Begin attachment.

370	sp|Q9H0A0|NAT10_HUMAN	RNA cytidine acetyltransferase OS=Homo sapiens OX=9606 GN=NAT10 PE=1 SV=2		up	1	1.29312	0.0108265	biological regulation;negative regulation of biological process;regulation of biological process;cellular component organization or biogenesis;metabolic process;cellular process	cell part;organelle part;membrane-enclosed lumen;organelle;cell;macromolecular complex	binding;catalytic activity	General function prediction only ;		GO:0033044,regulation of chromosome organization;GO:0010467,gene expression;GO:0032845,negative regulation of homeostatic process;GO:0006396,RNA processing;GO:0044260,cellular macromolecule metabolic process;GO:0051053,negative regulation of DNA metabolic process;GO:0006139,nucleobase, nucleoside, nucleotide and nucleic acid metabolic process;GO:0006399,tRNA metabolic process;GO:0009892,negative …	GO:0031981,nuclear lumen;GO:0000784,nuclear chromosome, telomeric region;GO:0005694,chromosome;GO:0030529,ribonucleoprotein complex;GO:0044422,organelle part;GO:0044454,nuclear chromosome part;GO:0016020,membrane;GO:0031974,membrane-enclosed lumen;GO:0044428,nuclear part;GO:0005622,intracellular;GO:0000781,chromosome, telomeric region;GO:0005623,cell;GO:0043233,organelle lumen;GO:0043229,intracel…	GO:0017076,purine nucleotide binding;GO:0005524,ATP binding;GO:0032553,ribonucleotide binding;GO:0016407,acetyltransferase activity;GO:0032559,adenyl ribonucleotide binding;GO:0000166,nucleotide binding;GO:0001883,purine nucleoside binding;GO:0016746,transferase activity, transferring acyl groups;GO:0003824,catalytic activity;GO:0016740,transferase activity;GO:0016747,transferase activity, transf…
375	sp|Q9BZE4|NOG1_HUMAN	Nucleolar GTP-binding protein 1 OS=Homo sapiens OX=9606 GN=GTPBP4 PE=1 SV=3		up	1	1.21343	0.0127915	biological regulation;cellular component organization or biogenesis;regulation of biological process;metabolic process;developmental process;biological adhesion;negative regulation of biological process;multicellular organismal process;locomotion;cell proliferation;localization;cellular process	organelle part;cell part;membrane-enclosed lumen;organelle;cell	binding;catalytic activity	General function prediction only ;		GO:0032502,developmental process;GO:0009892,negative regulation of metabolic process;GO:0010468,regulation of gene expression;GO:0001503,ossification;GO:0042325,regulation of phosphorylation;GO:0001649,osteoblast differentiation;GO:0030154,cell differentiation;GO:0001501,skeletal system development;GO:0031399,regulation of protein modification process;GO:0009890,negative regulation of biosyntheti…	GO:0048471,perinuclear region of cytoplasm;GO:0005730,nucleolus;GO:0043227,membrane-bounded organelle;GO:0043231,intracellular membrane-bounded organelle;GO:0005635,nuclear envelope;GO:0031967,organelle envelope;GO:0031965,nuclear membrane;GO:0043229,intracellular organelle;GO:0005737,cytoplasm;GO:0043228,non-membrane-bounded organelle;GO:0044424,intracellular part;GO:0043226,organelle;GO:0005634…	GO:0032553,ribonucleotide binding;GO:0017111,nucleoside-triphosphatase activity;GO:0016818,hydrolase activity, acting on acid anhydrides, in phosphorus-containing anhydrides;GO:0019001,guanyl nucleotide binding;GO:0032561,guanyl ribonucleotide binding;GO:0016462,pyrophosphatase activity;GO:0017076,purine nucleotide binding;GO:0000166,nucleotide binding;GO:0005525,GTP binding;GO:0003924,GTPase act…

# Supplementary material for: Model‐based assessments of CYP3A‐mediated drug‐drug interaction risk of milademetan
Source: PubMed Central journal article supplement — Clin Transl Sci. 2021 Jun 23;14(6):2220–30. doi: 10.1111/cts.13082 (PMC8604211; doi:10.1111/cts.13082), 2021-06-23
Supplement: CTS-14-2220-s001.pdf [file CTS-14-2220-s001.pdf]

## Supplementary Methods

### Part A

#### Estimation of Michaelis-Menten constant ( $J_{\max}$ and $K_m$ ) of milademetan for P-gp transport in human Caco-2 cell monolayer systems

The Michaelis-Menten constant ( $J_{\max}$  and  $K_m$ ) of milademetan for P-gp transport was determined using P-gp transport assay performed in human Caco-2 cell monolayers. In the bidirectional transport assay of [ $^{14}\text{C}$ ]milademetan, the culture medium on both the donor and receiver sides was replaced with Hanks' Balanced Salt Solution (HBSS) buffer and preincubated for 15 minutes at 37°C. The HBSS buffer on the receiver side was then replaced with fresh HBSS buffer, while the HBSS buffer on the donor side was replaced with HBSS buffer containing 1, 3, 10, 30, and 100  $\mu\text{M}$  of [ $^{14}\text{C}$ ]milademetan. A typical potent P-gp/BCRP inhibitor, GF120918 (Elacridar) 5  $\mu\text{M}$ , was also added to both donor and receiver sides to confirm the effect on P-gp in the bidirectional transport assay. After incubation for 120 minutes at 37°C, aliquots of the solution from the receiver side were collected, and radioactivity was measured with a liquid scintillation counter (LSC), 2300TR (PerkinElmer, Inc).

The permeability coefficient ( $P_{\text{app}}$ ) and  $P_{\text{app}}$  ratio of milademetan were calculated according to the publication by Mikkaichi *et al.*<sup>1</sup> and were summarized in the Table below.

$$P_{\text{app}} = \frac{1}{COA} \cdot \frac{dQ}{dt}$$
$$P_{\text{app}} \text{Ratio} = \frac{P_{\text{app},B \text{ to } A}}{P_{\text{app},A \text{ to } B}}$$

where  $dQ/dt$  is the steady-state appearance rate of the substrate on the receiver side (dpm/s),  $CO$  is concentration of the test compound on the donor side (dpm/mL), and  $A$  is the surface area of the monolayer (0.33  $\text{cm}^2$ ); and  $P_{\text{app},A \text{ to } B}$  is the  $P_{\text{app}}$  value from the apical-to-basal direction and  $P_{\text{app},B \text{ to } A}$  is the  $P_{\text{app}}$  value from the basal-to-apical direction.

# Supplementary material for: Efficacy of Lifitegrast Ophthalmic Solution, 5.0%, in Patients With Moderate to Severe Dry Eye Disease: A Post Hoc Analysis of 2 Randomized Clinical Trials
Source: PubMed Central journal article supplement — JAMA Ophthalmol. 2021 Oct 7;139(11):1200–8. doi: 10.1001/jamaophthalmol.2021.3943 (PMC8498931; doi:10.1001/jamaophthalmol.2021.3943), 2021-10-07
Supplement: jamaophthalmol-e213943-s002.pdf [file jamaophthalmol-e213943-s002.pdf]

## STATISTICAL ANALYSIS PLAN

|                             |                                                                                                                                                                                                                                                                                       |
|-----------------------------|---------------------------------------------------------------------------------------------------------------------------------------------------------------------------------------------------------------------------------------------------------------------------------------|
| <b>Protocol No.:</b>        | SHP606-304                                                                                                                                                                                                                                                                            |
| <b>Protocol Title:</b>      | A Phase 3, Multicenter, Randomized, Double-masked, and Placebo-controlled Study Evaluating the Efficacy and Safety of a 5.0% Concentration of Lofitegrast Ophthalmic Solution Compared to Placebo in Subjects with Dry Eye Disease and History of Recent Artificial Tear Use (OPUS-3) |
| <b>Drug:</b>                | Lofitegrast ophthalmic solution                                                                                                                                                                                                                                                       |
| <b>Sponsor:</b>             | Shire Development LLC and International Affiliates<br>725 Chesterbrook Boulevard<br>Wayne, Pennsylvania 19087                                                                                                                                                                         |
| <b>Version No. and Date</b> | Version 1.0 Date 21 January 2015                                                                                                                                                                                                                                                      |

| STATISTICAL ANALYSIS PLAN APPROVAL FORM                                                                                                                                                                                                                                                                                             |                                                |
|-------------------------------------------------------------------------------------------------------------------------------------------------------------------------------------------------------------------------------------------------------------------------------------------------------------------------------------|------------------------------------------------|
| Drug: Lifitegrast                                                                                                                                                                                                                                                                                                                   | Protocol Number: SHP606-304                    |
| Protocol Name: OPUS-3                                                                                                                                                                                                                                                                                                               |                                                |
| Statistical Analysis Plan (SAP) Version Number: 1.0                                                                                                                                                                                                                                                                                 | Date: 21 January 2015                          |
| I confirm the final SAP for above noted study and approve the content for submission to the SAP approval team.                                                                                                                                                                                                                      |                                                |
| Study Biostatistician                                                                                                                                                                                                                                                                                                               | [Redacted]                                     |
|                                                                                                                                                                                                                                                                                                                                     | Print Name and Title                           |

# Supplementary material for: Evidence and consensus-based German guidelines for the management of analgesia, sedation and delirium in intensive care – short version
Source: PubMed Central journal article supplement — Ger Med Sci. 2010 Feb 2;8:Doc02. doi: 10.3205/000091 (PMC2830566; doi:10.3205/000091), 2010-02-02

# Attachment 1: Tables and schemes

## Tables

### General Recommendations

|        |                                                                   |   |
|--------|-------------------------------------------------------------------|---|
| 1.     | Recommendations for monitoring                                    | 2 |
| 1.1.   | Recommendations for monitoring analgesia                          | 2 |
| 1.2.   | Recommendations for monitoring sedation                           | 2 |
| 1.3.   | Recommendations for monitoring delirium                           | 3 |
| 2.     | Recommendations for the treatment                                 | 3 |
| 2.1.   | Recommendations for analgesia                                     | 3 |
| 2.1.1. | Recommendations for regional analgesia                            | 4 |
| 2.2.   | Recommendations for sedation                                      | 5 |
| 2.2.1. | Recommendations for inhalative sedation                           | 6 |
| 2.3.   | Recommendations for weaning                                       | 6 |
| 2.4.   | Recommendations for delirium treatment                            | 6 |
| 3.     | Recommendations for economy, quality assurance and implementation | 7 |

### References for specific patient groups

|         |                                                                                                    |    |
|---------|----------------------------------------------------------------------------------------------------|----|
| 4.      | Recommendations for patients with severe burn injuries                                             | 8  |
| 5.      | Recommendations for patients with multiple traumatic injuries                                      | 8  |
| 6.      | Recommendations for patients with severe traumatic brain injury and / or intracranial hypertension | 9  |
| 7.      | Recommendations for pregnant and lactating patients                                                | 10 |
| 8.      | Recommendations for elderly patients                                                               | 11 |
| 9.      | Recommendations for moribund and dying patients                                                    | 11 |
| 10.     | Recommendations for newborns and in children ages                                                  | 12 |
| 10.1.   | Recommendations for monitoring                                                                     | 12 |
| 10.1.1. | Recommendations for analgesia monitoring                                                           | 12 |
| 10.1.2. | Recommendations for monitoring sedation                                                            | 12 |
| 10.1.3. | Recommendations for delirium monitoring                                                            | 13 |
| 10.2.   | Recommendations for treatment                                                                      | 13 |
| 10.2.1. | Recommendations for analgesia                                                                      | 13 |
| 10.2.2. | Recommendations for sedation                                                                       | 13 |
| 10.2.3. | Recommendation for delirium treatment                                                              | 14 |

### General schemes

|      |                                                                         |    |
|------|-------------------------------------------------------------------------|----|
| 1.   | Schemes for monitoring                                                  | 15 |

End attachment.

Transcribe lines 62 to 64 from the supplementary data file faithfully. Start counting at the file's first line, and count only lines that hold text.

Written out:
| 10.1.   | Recommendations for monitoring                                                                     | 12 |
| 10.1.1. | Recommendations for analgesia monitoring                                                           | 12 |
| 10.1.2. | Recommendations for monitoring sedation                                                            | 12 |